Increased happiness links to reduced mortality in older people

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Happy older people live longer, according to researchers at Duke-NUS Medical School in Singapore. The authors of the study found that an increase in happiness is directly proportional with a reduction in mortality.

The study utilised data for 4,478 participants of a nationally-representative survey to look at the association between happiness, assessed in the year 2009, and subsequent likelihood of dying due to any cause, until 31 December 2015. The survey was focused on individuals’ aged 60 years and older living in Singapore.

Happiness was assessed by asking the survey participants how often in the past week they experienced the following: “I felt happy”, “I enjoyed life” and “I felt hope about the future”. Their responses were considered in two distinct ways; a “happiness score”, and a “binary happiness variable – Happy/Unhappy”. A wide range of demographics, lifestyle choices, health and social factors were accounted for in the analysis.

The researchers found that among happy older people, 15% passed away until 31 December 2015. In contrast, the corresponding proportion was higher, at 20%, among unhappy older people. Every increase of one point on the happiness score lowered the chance of dying due to any cause among participants by an additional 9%. The likelihood of dying due to any cause was 19% lower for happy older people. Further, the inverse association of happiness with mortality was consistently present among men and women, and among the young-old (aged 60-79 years) and the old-old (aged 75 years or older).

“The findings indicate that even small increments in happiness may be beneficial to older people’s longevity,” explained assistant professor Rahul Malhotra, head of research at Duke-NUS’ Centre for Ageing Research and Education and senior author of the paper.

“Therefore individual-level activities as well as government policies and programmes that maintain or improve happiness or psychological well-being may contribute to a longer life among older people.”

June May-Ling Lee, a co-author, added: “The consistency of the inverse association of happiness with mortality across age groups and gender is insightful – men and women, the young-old and the old-old, all are likely to benefit from an increase in happiness.”

Interest in the pursuit of happiness to improve the health of older people has been growing. While previous studies have linked happiness or positive emotions with a range of better health outcomes, the evidence on the effect of happiness on living longer has been inconclusive. Many of these studies do initially observe a greater extent of happiness to be associated with a lower likelihood of dying, but this link disappears once differences in demographic, lifestyle and health factors between those less and more happy are accounted for.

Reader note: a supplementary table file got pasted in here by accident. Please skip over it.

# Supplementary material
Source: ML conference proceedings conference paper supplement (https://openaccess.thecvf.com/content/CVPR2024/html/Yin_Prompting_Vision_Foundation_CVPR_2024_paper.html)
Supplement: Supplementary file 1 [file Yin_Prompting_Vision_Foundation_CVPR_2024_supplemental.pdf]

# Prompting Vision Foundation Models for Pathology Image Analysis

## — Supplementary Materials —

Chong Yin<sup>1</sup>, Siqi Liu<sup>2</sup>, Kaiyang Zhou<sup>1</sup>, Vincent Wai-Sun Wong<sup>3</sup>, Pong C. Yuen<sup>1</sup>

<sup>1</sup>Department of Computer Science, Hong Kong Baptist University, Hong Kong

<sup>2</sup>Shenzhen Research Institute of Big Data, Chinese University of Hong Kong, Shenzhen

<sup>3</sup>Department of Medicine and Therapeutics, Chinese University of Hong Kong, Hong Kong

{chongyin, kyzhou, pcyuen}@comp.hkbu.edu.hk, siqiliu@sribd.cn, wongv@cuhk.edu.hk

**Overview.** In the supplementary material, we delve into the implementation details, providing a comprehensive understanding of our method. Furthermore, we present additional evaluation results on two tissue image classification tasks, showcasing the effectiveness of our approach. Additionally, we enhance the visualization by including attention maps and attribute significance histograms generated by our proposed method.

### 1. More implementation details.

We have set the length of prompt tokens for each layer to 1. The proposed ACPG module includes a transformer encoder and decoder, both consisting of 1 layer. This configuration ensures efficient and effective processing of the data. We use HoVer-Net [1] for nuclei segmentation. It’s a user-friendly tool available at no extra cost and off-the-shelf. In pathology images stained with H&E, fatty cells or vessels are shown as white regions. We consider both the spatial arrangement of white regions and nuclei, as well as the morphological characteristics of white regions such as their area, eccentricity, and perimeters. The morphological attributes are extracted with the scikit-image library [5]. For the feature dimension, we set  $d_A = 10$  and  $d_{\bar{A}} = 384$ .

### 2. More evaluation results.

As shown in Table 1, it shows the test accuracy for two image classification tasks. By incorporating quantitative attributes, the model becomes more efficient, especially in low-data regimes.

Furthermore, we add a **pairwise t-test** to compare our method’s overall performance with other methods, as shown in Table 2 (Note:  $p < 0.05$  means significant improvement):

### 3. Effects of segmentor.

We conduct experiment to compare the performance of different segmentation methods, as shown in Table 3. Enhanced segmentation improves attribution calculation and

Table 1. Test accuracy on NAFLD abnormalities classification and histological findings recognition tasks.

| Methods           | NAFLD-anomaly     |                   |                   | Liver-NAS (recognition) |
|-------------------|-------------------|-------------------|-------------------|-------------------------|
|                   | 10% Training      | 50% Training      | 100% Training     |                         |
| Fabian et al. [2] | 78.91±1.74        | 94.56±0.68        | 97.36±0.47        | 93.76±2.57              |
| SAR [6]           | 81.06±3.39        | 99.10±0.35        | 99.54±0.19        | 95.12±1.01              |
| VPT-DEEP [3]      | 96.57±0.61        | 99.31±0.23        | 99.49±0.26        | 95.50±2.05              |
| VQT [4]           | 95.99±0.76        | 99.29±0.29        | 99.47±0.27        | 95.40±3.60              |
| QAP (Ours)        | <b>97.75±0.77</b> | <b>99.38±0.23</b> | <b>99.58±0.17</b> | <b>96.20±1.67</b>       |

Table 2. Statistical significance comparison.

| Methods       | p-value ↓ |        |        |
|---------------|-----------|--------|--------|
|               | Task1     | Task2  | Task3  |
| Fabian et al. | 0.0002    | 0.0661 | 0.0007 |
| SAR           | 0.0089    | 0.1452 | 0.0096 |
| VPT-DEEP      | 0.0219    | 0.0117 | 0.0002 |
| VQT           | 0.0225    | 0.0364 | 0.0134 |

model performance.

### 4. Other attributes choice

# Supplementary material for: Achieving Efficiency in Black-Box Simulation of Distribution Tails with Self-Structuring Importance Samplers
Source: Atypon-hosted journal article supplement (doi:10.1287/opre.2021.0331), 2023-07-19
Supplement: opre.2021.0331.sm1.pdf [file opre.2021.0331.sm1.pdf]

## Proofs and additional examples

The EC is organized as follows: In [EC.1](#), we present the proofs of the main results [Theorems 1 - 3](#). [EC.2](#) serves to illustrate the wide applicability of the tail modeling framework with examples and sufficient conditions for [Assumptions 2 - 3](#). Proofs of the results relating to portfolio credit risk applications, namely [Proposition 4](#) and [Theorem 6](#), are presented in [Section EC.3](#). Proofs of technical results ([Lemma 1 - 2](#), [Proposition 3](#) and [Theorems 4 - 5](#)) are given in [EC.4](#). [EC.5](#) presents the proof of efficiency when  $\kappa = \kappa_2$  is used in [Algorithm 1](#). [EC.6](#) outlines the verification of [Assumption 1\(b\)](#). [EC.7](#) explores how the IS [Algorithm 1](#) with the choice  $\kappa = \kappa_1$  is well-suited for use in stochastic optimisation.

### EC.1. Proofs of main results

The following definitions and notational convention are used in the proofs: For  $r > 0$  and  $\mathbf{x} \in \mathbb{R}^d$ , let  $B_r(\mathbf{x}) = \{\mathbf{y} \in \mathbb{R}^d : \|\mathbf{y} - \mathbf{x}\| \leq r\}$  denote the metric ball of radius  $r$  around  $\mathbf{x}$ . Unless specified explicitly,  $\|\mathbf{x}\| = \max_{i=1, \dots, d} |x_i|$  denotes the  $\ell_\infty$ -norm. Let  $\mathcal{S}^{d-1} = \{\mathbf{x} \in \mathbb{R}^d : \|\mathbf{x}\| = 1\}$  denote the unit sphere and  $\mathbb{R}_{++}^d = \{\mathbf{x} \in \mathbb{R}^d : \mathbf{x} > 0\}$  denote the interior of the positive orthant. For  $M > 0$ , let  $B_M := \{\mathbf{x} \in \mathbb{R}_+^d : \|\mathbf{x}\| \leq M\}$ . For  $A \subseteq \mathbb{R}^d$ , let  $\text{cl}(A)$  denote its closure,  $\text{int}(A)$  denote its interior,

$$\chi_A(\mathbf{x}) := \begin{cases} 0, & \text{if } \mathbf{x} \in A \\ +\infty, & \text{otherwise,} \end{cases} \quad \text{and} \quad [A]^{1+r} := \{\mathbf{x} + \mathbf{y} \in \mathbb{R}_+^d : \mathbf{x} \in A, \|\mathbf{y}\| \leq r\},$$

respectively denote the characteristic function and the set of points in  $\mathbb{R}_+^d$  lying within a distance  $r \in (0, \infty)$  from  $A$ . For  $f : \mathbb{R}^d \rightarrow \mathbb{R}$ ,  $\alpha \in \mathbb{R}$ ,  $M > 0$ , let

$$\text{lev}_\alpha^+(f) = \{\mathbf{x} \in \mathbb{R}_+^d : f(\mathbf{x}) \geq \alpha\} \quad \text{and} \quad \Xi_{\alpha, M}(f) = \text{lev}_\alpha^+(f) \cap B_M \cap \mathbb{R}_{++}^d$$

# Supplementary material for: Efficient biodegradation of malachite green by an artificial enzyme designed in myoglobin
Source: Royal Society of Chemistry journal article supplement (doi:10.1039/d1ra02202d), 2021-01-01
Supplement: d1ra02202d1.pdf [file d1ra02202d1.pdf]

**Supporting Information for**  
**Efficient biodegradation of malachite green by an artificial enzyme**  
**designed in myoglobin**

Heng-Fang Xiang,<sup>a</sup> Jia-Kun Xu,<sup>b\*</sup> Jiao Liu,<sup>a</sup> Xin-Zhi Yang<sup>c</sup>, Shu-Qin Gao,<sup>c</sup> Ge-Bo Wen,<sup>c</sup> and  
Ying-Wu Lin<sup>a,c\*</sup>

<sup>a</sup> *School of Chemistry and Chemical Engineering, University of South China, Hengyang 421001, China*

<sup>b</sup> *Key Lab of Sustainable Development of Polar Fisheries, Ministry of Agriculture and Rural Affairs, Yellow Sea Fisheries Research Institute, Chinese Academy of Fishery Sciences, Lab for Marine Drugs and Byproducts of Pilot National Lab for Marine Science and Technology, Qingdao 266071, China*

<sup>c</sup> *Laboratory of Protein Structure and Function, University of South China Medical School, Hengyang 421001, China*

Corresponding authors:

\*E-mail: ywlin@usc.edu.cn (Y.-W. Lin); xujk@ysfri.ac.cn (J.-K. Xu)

This is one of the few Asian studies to have assessed the association between happiness and mortality among older people, while accounting for several social factors, such as loneliness and social network, therefore extending the generalisability of the findings to non-Western populations.

Abstract
Objective: Research on the role of positive affect, such as happiness, on health outcomes is burgeoning. Within this context, evidence for an inverse effect of happiness on mortality is inconclusive. Furthermore, few studies link happiness with mortality among older people, and in Asian populations. We examine the association between happiness and all-cause mortality among older people in Singapore.
Methods: Data for 4,478 Singaporeans aged ≥60 years enrolled in a nationally-representative longitudinal survey (three waves: 2009; 2011; 2015) were utilised. Happiness, at baseline, in 2009, was measured using three positively-worded items from the Centre for Epidemiological Studies Depression Scale, and considered in two distinct ways in the analyses—continuous (‘happiness score’ [0–6]) and binary (happy [score = 6]/unhappy). All-cause mortality, until 31 December 2015, was assessed primarily using administrative databases, supplemented by data from survey waves 2 and 3. Multivariable Cox regression models assessed the association of ‘happiness score’ and the ‘binary happiness variable’ (separate models for each) with all-cause mortality.
Results: The likelihood of all-cause mortality was lower by 9% (multivariable hazard ratio (HR) [95% confidence interval]: 0.91 [0.87–0.95]) for each unit increase in ‘happiness score’, and was 19% lower for happy, versus unhappy, older people (HR: 0.81 [0.68–0.97]).
Conclusions: Happiness is associated with reduced likelihood of all-cause mortality among older people in an Asian population, with the benefit observed even for incremental increases in happiness. Activities, policies and programs that maintain or improve happiness may be beneficial for a longer life among older people.

Authors
Choy-Lye Chei, June May-Ling, Lee Stefan Ma, Rahul Malhotra

Duke-NUS Medical School material
Age and Ageing abstract


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